Well, I laughed, anyway. A lot.
But for me, the funniest one of all was the one in which a respectable looking old-ish man goes shopping with his wife in a garden store. A giant machine in the middle of the store asks him to say aloud which department he is looking for. “Water features.” he says into the machine. The machine asks him to repeat himself. “WATER FEATURES,” he says. The computerised voice has apparently misheard him. It announces: “You requested: PICTURES OF DOGS HAVING SEX. PICTURES OF DOGS HAVING SEX. YOU WANTED TO SEE PICTURES OF DOGS HAVING SEX!!!” Naturally, the mortified customer blushes furiously as everyone else in the shop looks to see who it is who has asked a machine to show him “Pictures of dogs having sex.”
It was so funny I just had to tweet it, right there and then.
It’s an easy mistake to have made. Often when people are short of food and water their natural instinct is to strap on a suicide vest, pick up a Kalashnikov and drive to Paris in order to kill a few hundred people as an important gesture designed to raise public awareness of the urgent need to reduce anthropogenic carbon dioxide emissions before someone gets hurt.
But in this case, Friedman, the Prince of Wales, Charlotte Church – and also Graham Linehan, the Irish scriptwriter of the brilliant comedy series Father Ted – are wrong in their assumption.
We know this because of a stubborn fact called meteorological evidence.
As Roger Andrews demonstrates here in great detail the “drought” that supposedly ravaged Syria between 2006 and 2011 and drove thousands of ordinary Syrians into the arms of ISIS and Al Qaeda never actually happened.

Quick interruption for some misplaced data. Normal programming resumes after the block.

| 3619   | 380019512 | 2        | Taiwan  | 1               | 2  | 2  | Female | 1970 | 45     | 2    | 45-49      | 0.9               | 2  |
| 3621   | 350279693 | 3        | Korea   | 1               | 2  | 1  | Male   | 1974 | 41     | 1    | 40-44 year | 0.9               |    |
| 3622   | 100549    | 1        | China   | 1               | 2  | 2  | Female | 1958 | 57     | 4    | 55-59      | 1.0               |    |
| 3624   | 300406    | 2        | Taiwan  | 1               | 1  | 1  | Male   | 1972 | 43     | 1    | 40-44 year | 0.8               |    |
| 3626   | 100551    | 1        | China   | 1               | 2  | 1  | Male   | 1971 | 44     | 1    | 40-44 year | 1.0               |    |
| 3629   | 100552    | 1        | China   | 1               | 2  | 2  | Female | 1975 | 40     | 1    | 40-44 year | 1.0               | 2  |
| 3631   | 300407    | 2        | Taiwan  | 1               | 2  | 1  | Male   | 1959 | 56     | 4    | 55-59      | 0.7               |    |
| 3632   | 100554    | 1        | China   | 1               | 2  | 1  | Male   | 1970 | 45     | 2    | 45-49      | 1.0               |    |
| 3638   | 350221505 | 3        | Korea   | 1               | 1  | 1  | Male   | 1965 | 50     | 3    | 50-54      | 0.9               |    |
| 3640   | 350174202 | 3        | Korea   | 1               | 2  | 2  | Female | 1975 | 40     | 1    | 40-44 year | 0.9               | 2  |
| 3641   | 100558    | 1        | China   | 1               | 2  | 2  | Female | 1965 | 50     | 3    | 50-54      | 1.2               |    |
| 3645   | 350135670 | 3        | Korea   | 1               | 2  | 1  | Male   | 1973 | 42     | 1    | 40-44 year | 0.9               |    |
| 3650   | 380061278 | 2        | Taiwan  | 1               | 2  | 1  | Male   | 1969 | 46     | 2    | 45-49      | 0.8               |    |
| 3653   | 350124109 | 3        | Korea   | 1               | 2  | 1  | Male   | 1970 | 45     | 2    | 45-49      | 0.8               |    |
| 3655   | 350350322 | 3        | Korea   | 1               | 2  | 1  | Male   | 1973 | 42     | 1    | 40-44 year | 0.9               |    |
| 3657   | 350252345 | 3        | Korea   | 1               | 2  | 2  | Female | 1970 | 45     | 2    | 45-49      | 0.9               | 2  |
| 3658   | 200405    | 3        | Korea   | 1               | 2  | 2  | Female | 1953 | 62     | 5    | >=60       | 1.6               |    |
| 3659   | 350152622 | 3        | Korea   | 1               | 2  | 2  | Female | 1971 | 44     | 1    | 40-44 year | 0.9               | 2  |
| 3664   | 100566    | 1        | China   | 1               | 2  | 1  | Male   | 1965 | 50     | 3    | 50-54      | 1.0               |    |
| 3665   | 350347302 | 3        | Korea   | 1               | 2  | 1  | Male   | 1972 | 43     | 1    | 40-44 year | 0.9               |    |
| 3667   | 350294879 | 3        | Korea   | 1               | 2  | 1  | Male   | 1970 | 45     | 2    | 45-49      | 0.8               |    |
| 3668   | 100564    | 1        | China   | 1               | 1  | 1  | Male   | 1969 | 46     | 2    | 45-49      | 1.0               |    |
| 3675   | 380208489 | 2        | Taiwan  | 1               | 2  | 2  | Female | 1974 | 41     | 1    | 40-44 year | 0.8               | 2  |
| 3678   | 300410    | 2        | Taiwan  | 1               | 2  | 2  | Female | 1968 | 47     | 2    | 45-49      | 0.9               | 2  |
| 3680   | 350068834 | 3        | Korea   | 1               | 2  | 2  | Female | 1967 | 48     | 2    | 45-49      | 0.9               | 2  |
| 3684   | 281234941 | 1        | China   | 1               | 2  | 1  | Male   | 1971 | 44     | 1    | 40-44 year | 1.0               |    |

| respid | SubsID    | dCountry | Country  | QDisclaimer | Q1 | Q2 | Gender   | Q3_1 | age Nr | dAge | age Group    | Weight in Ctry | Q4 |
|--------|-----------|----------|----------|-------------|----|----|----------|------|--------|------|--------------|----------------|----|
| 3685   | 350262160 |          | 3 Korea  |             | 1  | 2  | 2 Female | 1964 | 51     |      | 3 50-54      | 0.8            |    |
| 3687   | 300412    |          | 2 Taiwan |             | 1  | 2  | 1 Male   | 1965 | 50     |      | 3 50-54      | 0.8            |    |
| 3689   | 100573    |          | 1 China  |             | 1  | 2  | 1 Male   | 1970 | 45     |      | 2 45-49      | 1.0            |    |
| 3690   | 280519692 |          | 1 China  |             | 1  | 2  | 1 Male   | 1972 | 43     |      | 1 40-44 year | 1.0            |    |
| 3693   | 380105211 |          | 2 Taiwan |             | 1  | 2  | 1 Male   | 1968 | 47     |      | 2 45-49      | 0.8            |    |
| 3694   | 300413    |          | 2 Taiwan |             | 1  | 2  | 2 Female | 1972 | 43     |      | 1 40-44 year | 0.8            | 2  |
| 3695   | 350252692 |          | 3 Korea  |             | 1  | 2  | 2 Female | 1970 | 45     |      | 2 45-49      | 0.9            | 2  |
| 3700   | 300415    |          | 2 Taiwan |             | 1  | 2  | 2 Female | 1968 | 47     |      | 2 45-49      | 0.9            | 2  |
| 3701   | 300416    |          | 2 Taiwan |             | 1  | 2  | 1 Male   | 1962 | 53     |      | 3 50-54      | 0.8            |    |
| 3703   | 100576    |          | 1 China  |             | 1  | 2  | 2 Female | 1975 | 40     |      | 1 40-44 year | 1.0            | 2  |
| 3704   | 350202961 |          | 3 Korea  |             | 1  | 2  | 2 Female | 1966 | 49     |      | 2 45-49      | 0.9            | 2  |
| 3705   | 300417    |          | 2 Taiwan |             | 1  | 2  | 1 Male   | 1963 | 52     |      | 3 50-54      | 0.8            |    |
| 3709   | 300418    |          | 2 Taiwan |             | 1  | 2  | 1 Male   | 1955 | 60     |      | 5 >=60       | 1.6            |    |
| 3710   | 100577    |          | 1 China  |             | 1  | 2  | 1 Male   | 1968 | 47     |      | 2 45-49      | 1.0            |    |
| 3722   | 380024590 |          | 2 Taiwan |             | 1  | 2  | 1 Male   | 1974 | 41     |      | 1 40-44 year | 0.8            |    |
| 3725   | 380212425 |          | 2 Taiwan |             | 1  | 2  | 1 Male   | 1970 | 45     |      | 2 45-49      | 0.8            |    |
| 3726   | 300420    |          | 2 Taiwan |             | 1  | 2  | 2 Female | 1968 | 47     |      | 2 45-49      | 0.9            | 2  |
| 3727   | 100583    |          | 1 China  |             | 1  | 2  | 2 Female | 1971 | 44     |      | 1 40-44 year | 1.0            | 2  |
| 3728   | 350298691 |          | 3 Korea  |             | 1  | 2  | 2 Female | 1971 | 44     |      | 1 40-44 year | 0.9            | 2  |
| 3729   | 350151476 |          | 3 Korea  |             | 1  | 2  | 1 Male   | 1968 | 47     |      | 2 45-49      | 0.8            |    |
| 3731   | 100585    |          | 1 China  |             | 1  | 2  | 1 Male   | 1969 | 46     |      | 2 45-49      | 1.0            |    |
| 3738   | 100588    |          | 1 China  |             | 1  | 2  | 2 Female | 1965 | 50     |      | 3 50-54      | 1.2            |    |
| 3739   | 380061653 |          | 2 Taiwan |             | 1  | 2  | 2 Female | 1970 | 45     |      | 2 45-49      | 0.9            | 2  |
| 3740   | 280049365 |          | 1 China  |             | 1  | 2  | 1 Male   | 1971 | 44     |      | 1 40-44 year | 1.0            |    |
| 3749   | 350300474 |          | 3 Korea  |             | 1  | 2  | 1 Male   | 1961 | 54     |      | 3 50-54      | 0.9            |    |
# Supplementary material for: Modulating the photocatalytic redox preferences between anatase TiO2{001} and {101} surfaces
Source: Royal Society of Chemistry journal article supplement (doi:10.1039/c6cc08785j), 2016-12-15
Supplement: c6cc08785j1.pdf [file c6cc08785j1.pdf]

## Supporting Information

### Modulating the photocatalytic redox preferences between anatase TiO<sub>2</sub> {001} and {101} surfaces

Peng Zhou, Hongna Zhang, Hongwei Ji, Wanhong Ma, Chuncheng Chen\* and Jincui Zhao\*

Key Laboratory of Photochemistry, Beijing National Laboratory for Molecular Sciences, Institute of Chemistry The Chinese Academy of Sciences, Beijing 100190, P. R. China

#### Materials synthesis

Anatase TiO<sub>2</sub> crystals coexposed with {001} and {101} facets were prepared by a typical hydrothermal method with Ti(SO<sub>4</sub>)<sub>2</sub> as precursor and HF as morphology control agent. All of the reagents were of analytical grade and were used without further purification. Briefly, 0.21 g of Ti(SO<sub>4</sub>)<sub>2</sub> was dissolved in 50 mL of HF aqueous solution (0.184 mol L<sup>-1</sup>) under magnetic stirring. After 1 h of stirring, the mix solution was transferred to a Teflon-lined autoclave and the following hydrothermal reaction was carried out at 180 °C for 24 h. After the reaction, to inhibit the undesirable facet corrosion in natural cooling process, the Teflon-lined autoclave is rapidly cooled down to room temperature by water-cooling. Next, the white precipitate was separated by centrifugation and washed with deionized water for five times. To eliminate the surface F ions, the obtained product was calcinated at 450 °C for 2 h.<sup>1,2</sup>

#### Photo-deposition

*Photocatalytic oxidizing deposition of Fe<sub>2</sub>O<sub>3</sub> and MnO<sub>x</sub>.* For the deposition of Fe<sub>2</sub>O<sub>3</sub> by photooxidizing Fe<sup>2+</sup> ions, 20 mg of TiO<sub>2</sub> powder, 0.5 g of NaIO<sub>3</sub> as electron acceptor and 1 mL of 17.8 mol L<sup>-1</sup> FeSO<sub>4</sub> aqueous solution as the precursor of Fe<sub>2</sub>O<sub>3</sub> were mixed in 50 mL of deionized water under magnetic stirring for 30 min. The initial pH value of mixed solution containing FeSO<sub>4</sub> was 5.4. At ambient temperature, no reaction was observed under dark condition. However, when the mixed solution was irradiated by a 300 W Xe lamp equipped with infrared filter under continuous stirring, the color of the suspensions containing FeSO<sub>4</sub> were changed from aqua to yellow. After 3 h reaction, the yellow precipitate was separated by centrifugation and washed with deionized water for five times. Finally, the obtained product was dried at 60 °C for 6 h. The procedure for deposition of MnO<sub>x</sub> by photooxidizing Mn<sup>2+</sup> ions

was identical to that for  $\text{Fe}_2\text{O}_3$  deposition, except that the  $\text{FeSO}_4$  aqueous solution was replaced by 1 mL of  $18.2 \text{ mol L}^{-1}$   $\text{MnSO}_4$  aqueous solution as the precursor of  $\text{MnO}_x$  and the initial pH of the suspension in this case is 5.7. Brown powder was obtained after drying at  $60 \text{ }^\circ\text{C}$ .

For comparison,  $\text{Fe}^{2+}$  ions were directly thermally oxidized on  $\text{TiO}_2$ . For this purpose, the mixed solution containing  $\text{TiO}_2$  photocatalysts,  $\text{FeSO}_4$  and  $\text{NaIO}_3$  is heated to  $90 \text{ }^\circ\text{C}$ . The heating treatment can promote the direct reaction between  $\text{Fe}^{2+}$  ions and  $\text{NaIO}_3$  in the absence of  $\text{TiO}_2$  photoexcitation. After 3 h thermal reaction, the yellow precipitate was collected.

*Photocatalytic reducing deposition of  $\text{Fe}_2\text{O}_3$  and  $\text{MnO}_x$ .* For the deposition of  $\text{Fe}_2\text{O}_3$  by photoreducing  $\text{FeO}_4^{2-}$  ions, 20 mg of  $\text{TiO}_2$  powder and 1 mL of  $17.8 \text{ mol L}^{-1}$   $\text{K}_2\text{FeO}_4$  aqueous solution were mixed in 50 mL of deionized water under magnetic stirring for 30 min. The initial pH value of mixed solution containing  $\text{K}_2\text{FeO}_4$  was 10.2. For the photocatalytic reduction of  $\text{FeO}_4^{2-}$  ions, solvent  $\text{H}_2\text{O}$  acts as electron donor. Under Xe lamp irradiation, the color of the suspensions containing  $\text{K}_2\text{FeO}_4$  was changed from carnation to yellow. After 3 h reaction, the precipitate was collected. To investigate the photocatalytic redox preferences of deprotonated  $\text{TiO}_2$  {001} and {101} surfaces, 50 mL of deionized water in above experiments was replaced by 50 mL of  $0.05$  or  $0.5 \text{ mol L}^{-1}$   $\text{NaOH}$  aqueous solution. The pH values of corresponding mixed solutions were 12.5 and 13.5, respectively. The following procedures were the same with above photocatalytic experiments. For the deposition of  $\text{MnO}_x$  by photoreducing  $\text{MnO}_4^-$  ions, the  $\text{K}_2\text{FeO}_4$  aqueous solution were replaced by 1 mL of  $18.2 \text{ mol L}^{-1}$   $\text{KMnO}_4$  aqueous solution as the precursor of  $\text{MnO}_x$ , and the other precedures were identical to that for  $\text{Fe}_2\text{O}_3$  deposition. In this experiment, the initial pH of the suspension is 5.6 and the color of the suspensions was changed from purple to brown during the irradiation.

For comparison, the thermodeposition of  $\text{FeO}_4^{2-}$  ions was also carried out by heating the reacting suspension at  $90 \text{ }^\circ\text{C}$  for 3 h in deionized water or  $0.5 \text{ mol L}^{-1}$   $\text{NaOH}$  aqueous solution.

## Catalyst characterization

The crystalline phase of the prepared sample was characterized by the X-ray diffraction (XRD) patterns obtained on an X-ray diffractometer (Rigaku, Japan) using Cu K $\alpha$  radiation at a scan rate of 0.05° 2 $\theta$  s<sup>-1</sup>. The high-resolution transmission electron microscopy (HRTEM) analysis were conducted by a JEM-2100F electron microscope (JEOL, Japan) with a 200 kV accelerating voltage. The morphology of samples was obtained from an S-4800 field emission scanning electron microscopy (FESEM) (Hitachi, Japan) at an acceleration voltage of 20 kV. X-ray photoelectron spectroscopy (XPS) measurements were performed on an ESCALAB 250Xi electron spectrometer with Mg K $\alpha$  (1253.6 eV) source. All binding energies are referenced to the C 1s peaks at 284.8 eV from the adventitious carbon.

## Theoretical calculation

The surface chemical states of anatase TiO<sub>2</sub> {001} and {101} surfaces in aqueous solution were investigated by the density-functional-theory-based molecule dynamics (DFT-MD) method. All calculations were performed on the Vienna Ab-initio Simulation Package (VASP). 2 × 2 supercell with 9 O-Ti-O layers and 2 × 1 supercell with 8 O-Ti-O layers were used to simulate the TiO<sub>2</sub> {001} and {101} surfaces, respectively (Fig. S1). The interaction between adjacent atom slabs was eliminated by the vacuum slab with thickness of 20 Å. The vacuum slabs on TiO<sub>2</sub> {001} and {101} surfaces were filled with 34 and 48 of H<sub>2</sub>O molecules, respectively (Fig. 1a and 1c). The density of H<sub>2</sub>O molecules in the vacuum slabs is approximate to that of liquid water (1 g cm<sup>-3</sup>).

Take Aleppo – where, according to the “drought” theory, conditions got so bad that thousands were driven off the land:
Last January, it was reported that crop failures ….. just in the farming villages around the city of Aleppo, had led 200,000 rural villagers to leave for the cities.
Average annual rainfall during the 2006-2011 period was only 9% lower than average annual rainfall over the preceding 55 years. The driest year during the period (2011) was only the seventh driest on record and 2006-2011 was only the 13th driest six-year period on record. Clearly the crop failures in the farming villages around Aleppo – which undoubtedly occurred – weren’t caused by a drought of Biblical proportions. In fact there doesn’t seem to have been a drought at Aleppo at all.
Yes, in some parts of Syria it’s true there were much greater falls in average annual rainfall. But not in any of the main crop-growing areas.
This novel theory, first reported on in an American newspaper in 1941, has just resurfaced in the wake of claims by John Kerry and others that climate change was responsible for creating ISIS. Researchers were naturally keen to discover whether there was any precedent for such “global warming” related idiocy. And indeed it turns out that there was.